May 20th, 2010 | maslaats
Over the last few months I have been contemplating McKenzie Wark’s idea of telesthesia (perception at a distance). In his writing he describes a third nature where each of us “no longer has roots; we have aerials. We no longer have origins; we have terminals.” Our “terrain is organized with vectoral rather than social relations, freeing itself from the necessity of spatial contiguity.” This creates an ever increasing abstract world, a post modern world, that we now must negotiate and contend with. Global and local are linked, but we do not have the tools or the ability to truly comprehend how each effects the other. I see the digital humanities as an attempt to re-situate and organize information according to this new landscape. It is a breaking-down of the boundaries between disciplines, allowing for a remapping/recontextualization of information that connects our “terminals.”
Over the past several years I have been working on several projects that work within these frameworks. In 2009, I collaborated with the Children’s Media Project in Poughkeepsie, NY to created an augmented reality game entitled Walking History. Working with students and several Humanities scholars, we negotiated and collected narratives that have come to define this post-industrial city. These were then situated onto a map to locate them with in the urban landscape. As a player of the game you physically traversed the streets of the city while being provided an alternative layer of information using a mobile device. This provided for a broader, lived understanding of place.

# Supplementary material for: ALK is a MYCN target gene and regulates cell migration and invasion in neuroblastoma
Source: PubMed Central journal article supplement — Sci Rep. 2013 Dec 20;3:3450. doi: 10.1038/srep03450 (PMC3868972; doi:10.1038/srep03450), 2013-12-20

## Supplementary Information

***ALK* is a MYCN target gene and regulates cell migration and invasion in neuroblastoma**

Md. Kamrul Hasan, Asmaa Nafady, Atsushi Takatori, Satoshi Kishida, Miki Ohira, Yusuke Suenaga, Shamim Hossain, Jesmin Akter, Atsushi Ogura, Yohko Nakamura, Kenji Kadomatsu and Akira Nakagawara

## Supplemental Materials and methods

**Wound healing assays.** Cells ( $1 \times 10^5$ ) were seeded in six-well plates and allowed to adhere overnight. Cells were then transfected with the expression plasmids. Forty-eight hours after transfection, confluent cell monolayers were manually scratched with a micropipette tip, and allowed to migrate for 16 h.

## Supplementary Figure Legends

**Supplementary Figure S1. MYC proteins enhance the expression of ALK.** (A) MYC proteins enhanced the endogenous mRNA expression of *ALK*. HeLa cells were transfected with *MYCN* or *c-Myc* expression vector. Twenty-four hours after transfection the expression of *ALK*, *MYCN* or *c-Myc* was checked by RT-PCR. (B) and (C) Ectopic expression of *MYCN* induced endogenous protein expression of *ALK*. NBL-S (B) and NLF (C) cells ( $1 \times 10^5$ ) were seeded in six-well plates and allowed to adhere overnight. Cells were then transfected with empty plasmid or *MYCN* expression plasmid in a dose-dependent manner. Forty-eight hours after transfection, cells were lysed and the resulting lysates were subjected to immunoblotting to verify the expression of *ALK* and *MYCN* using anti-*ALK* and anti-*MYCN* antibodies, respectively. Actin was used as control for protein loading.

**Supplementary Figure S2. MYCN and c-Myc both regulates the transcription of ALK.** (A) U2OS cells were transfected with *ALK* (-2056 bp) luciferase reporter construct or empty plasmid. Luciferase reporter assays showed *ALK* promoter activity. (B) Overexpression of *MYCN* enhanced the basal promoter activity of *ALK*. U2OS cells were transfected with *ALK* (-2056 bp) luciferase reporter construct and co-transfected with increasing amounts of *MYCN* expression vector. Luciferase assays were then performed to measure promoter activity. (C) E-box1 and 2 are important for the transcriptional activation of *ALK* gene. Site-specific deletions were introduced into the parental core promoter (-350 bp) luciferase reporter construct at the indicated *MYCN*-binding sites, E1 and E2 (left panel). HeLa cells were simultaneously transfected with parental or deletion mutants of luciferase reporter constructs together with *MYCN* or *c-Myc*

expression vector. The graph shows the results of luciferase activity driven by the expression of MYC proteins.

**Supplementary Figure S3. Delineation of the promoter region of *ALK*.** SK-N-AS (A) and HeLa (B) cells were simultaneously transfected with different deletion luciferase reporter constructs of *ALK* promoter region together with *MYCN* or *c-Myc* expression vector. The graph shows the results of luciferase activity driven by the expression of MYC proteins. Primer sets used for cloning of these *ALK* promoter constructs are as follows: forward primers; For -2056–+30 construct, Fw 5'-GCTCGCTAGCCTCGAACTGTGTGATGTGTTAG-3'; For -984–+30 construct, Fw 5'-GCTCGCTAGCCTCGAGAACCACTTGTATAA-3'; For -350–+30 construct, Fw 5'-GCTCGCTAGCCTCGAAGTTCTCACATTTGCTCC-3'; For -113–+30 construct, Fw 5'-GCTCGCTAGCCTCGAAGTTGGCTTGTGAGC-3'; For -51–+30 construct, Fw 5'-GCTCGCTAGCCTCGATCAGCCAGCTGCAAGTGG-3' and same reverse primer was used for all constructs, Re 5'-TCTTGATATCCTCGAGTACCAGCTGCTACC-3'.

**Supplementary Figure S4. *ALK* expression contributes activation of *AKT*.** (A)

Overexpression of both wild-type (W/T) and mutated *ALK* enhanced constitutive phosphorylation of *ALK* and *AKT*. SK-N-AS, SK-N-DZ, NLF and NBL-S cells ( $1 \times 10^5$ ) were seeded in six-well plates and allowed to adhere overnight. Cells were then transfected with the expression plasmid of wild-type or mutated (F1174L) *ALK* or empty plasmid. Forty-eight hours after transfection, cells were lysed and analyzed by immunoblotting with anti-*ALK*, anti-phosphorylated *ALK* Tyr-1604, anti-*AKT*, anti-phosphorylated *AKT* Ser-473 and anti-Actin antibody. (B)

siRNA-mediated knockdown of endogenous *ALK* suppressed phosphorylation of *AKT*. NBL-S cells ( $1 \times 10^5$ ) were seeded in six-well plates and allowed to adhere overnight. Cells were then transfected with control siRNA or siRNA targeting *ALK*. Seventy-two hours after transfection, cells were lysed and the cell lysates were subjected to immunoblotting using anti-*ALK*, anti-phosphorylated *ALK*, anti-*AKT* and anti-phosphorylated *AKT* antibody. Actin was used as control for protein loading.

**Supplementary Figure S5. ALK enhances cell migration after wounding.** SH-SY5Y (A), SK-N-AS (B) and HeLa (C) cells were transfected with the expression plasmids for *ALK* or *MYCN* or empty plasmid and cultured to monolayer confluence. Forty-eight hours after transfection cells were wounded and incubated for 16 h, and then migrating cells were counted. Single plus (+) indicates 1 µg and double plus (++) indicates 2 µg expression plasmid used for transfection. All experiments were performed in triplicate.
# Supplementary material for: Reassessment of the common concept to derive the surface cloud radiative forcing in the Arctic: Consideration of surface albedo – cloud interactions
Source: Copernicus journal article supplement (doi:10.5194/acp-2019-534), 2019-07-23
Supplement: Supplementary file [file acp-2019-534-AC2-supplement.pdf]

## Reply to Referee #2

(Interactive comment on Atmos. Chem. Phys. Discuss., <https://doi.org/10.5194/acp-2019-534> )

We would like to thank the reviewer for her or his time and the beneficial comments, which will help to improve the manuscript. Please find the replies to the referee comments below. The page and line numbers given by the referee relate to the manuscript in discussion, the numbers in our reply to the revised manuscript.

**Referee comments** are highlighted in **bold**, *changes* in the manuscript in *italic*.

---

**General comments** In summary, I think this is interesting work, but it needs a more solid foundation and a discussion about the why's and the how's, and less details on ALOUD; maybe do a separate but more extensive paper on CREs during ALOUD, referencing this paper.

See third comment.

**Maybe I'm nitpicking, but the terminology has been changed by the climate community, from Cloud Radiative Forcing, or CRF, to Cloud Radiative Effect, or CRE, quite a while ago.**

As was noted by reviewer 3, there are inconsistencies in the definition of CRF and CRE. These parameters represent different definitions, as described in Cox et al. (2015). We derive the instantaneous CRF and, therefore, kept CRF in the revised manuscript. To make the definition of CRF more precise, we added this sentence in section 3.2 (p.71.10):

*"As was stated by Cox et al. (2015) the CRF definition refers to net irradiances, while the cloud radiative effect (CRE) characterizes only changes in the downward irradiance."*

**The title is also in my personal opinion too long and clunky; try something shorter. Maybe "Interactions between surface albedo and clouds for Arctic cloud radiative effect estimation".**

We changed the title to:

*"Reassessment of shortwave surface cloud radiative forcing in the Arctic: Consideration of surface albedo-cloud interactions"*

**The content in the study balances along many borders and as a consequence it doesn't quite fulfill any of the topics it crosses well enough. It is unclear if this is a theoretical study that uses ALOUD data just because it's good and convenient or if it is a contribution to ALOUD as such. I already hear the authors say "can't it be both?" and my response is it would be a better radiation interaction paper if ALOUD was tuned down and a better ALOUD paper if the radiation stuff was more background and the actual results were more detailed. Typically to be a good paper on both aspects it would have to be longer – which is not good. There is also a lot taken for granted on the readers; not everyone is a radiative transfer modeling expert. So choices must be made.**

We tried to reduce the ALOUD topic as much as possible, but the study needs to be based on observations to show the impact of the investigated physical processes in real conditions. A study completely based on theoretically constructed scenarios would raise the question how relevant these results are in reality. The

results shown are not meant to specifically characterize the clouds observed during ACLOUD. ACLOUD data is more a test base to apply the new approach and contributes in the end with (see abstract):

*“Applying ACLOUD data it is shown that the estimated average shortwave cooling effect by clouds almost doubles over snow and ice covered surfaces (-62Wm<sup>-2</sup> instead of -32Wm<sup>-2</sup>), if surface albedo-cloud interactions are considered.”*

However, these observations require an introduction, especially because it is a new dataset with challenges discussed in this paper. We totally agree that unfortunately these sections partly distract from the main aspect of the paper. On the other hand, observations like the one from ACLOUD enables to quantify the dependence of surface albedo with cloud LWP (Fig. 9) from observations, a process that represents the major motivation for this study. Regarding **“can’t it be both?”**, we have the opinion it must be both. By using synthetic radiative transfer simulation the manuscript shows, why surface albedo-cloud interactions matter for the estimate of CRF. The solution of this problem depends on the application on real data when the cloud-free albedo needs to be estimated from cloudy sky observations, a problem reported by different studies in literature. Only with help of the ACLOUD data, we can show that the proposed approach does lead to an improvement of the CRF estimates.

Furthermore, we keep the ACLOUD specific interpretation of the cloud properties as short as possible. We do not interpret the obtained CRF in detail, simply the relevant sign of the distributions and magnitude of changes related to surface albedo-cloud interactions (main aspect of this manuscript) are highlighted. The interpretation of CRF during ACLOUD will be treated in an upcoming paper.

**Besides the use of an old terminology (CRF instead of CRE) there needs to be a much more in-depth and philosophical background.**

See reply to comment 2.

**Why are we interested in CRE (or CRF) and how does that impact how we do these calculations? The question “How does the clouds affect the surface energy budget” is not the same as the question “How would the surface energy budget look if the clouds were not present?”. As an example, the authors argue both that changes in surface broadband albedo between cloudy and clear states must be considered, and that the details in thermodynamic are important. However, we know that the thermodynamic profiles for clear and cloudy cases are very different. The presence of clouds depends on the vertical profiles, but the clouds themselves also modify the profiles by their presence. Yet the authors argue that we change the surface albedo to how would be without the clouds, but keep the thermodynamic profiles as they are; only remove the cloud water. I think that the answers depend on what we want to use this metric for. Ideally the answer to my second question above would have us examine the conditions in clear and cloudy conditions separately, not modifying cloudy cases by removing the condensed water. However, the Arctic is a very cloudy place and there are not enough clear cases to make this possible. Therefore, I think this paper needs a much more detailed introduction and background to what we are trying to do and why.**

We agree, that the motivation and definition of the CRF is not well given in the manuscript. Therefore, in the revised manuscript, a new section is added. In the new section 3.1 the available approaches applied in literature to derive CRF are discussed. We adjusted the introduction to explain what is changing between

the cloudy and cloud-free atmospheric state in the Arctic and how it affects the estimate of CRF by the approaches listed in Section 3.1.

Also in 2009, I created the Hyde Park Visual History Project. The objective of this effort was to create a dynamic relationship between the place, people and the visual culture of that area. Over a two year period, I worked with institutions and individuals to create a collection of images, video and sound that documented the landscape and activities of Hyde Park, NY. Once establish the media was then used to develop multiple interactive installations that played between representation and reality. Video of a couple’s 1952 wedding was projected onto their former home, images of a hamlet were shown on the library that houses them, and the entire collection was shown at historic drive-in theatre playing on relationships between cinematic and reality landscapes. Software made the media reactive to the environment and people’s movements, thus establishing a way of understanding the unique relationships built between each.
Finally, I have been working to produce VR technology as a means to further conceptualize both object and space. While not a new technology, the ability of this media to provide visual access to a distant place or fragile object creates the opportunity for a lived experience. No longer does a the concept of a place have to be understood only in text or the flatness of an image, it can be twisted, turned and placed within a Google map to provide further context.